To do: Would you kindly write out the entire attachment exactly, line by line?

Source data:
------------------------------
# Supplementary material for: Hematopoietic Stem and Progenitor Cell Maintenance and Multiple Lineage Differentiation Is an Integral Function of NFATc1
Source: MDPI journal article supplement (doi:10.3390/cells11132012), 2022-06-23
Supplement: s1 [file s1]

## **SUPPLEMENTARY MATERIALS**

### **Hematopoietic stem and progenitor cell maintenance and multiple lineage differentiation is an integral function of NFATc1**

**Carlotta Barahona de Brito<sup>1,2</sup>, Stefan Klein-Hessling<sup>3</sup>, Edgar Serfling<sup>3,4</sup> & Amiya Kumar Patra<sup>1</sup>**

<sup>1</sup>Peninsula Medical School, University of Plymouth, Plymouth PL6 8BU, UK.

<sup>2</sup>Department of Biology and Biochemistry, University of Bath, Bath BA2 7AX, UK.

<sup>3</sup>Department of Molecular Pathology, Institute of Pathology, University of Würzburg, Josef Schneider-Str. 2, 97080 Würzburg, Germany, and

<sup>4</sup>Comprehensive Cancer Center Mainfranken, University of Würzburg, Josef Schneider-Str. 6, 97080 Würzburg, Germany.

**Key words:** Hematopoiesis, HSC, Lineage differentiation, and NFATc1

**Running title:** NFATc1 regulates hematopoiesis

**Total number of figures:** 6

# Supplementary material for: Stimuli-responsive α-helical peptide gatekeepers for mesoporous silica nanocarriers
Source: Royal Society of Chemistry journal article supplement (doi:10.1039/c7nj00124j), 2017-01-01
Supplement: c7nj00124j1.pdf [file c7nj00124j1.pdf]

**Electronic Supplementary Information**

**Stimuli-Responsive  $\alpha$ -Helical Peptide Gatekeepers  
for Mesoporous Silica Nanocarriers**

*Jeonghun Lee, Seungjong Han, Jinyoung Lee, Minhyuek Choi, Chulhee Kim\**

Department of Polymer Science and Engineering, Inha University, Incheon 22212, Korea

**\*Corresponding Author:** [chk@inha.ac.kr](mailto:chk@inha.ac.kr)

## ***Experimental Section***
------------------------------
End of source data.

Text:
# Supplementary material for: Hematopoietic Stem and Progenitor Cell Maintenance and Multiple Lineage Differentiation Is an Integral Function of NFATc1
Source: MDPI journal article supplement (doi:10.3390/cells11132012), 2022-06-23
Supplement: s1 [file s1]

## **SUPPLEMENTARY MATERIALS**

### **Hematopoietic stem and progenitor cell maintenance and multiple lineage differentiation is an integral function of NFATc1**

**Carlotta Barahona de Brito<sup>1,2</sup>, Stefan Klein-Hessling<sup>3</sup>, Edgar Serfling<sup>3,4</sup> & Amiya Kumar Patra<sup>1</sup>**

<sup>1</sup>Peninsula Medical School, University of Plymouth, Plymouth PL6 8BU, UK.

<sup>2</sup>Department of Biology and Biochemistry, University of Bath, Bath BA2 7AX, UK.

<sup>3</sup>Department of Molecular Pathology, Institute of Pathology, University of Würzburg, Josef Schneider-Str. 2, 97080 Würzburg, Germany, and

<sup>4</sup>Comprehensive Cancer Center Mainfranken, University of Würzburg, Josef Schneider-Str. 6, 97080 Würzburg, Germany.

**Key words:** Hematopoiesis, HSC, Lineage differentiation, and NFATc1

**Running title:** NFATc1 regulates hematopoiesis

**Total number of figures:** 6

# Supplementary material for: Stimuli-responsive α-helical peptide gatekeepers for mesoporous silica nanocarriers
Source: Royal Society of Chemistry journal article supplement (doi:10.1039/c7nj00124j), 2017-01-01
Supplement: c7nj00124j1.pdf [file c7nj00124j1.pdf]

**Electronic Supplementary Information**

**Stimuli-Responsive  $\alpha$ -Helical Peptide Gatekeepers  
for Mesoporous Silica Nanocarriers**

*Jeonghun Lee, Seungjong Han, Jinyoung Lee, Minhyuek Choi, Chulhee Kim\**

Department of Polymer Science and Engineering, Inha University, Incheon 22212, Korea

**\*Corresponding Author:** [chk@inha.ac.kr](mailto:chk@inha.ac.kr)

## ***Experimental Section***